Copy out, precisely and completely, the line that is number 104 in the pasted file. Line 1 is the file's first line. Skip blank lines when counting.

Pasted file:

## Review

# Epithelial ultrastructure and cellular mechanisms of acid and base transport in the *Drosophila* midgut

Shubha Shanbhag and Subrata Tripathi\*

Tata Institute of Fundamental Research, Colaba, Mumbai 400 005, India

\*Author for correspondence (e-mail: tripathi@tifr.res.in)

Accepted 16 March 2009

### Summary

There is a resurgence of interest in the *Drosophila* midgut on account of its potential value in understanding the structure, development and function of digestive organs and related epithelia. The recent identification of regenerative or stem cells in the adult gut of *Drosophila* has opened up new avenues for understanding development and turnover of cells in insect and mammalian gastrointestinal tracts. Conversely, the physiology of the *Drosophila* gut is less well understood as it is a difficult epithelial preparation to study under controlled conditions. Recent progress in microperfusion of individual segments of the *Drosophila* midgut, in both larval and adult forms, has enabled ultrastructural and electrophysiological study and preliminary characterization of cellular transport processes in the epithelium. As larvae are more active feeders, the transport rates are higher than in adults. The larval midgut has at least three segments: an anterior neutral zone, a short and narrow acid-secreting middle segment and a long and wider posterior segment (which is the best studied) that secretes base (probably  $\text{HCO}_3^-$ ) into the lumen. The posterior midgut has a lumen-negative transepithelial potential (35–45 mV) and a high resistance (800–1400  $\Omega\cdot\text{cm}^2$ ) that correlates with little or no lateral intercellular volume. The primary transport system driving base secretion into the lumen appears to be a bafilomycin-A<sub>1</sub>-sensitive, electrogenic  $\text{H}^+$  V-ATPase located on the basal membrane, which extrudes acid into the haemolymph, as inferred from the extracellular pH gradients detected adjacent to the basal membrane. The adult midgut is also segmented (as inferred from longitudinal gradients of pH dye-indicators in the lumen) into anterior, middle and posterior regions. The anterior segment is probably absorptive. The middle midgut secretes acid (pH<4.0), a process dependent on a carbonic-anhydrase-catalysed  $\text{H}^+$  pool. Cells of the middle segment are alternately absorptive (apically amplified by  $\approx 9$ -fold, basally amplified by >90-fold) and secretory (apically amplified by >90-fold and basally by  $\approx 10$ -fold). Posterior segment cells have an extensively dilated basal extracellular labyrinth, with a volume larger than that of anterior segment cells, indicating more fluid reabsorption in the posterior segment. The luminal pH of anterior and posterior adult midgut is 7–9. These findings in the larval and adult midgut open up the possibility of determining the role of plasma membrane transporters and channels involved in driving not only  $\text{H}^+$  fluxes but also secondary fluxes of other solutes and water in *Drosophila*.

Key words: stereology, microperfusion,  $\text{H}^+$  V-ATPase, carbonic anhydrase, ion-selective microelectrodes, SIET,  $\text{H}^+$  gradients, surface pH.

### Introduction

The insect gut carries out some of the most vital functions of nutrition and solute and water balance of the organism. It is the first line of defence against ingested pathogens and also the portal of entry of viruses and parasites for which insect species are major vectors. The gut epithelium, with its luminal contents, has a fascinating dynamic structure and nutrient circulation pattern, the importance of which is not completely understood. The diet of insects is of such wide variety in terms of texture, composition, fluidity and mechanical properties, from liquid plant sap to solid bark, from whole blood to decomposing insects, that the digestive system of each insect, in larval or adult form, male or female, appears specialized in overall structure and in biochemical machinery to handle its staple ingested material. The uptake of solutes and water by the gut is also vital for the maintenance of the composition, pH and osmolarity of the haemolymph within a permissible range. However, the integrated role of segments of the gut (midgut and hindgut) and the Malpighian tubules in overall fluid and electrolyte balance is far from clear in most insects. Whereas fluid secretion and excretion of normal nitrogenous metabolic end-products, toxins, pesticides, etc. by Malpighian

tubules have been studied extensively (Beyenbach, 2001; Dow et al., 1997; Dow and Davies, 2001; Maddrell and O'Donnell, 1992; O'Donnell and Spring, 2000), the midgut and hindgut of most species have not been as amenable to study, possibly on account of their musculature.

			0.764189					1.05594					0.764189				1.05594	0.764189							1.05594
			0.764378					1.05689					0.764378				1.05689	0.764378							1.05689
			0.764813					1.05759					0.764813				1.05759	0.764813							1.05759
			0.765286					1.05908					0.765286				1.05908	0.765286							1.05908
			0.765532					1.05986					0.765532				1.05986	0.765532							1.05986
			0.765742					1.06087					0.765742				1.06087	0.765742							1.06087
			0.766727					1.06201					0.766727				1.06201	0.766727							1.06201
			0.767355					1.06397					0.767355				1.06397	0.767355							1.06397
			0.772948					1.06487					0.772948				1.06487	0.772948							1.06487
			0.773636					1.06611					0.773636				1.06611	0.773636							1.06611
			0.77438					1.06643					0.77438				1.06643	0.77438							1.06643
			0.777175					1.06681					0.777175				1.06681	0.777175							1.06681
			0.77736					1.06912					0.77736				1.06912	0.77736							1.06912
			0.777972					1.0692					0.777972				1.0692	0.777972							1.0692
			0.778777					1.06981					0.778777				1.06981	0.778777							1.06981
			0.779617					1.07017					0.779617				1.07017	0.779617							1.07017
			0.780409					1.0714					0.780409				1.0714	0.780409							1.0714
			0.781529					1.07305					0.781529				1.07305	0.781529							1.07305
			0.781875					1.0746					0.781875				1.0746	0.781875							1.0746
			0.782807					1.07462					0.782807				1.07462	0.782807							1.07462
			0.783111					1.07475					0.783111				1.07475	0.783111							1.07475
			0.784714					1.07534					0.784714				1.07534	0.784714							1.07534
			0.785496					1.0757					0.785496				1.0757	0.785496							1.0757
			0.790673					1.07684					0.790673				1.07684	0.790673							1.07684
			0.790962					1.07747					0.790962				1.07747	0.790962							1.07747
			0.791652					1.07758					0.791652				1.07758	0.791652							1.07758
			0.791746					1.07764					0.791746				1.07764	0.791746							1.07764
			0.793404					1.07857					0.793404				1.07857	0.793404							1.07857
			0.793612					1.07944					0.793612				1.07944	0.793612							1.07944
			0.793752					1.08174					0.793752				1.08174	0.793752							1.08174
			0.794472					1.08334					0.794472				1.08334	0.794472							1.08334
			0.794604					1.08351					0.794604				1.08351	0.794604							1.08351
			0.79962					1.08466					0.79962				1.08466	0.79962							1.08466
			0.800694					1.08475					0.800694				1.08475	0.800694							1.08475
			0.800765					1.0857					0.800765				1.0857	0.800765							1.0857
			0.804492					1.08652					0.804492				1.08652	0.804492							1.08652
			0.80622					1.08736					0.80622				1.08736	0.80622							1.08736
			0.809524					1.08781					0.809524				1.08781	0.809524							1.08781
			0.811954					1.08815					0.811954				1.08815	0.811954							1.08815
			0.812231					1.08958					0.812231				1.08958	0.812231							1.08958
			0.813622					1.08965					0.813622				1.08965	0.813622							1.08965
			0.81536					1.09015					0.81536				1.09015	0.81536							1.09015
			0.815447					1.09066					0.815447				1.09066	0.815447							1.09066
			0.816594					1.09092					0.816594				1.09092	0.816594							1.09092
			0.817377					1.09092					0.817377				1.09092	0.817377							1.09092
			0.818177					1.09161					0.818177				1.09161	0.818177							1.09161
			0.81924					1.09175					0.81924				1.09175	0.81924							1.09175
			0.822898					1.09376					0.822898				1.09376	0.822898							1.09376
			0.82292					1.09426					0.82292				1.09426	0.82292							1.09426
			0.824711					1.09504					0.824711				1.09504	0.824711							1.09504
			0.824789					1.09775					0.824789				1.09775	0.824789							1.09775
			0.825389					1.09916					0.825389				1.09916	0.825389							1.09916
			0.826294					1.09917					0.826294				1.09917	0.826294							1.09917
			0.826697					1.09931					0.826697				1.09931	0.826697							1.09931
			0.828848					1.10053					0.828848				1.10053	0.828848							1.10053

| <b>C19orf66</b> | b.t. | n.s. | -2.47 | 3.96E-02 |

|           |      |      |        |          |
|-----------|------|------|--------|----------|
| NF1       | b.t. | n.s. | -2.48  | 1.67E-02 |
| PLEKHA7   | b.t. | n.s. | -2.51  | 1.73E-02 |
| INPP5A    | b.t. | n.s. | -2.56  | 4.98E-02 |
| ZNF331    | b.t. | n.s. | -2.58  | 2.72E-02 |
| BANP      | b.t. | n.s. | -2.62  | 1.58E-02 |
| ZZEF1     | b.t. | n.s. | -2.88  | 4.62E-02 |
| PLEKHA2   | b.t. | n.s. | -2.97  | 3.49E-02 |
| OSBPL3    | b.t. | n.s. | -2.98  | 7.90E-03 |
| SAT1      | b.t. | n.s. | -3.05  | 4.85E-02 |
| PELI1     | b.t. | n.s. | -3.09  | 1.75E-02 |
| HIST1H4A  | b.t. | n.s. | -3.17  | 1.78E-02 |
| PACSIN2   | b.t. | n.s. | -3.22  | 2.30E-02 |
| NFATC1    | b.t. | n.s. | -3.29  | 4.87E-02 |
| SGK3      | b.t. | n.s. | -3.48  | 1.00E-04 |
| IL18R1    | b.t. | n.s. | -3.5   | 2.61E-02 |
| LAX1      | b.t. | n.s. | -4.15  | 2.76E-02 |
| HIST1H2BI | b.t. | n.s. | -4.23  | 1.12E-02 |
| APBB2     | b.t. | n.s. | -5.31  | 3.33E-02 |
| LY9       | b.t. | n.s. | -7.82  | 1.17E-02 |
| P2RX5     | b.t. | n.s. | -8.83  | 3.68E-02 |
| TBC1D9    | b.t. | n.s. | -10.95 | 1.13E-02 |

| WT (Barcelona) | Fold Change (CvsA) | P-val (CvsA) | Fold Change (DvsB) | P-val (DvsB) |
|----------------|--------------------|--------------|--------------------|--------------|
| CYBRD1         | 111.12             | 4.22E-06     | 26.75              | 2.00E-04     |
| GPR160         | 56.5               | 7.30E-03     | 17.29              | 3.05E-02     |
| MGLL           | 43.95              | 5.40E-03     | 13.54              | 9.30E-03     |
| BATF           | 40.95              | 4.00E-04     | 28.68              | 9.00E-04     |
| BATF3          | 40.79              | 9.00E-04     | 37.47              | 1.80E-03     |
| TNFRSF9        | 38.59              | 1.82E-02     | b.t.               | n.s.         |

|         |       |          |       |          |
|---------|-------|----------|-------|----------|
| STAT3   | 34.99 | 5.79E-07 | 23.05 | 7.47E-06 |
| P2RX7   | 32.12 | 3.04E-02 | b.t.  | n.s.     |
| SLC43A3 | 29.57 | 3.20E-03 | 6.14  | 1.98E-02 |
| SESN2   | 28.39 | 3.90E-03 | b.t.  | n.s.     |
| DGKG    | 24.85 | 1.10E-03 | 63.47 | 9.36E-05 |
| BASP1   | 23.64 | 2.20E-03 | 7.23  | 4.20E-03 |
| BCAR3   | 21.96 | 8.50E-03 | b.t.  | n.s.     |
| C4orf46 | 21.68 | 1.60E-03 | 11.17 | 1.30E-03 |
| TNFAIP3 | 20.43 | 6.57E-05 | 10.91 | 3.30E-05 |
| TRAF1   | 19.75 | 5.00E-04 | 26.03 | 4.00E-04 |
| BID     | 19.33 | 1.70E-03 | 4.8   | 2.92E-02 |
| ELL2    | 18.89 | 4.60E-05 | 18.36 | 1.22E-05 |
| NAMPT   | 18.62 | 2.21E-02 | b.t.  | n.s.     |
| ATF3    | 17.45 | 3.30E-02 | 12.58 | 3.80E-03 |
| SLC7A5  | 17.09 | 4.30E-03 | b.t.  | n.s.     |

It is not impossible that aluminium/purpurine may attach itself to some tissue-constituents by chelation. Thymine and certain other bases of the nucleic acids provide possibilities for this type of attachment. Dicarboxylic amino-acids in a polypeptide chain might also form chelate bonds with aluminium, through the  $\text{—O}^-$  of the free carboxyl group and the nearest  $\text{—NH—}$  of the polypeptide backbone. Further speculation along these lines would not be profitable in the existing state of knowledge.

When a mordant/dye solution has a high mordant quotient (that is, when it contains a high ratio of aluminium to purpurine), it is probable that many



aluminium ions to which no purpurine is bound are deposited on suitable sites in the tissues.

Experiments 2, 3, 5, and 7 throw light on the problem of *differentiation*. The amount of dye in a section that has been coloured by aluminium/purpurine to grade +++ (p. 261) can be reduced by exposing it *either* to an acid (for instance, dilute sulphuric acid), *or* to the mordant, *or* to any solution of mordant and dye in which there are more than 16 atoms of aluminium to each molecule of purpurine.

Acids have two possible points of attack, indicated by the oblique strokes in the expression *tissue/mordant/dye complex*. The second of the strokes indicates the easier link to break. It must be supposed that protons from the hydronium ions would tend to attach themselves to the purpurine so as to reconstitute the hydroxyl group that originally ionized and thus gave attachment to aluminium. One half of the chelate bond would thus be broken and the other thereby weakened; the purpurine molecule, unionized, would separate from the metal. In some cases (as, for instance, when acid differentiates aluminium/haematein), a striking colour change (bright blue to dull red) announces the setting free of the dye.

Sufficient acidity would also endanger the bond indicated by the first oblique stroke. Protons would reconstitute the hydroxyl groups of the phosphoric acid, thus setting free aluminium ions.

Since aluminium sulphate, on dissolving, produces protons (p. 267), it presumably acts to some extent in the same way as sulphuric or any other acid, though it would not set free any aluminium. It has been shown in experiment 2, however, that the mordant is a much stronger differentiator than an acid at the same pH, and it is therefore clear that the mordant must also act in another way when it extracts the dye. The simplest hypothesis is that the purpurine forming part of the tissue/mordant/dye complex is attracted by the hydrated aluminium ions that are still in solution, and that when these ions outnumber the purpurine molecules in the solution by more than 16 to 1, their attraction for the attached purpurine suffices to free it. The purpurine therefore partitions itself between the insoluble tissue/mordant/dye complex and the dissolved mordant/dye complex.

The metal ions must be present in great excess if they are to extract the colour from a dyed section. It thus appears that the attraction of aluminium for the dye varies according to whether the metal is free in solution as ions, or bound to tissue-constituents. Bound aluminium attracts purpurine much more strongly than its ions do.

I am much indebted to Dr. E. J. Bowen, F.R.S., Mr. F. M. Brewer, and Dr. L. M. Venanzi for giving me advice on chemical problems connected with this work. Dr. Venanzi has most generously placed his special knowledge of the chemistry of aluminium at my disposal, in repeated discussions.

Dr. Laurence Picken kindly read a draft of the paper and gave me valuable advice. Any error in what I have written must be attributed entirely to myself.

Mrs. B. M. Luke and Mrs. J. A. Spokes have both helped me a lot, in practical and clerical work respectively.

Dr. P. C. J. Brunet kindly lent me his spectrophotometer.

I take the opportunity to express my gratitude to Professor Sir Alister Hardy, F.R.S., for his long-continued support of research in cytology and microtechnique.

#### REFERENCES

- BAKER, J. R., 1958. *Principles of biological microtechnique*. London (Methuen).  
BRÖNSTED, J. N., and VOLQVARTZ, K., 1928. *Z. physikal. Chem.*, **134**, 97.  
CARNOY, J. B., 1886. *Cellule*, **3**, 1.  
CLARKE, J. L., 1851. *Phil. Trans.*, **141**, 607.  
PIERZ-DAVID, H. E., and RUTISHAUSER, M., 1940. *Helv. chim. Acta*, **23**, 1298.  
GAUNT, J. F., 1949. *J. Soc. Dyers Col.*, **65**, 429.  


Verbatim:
| SLC43A3 | 29.57 | 3.20E-03 | 6.14  | 1.98E-02 |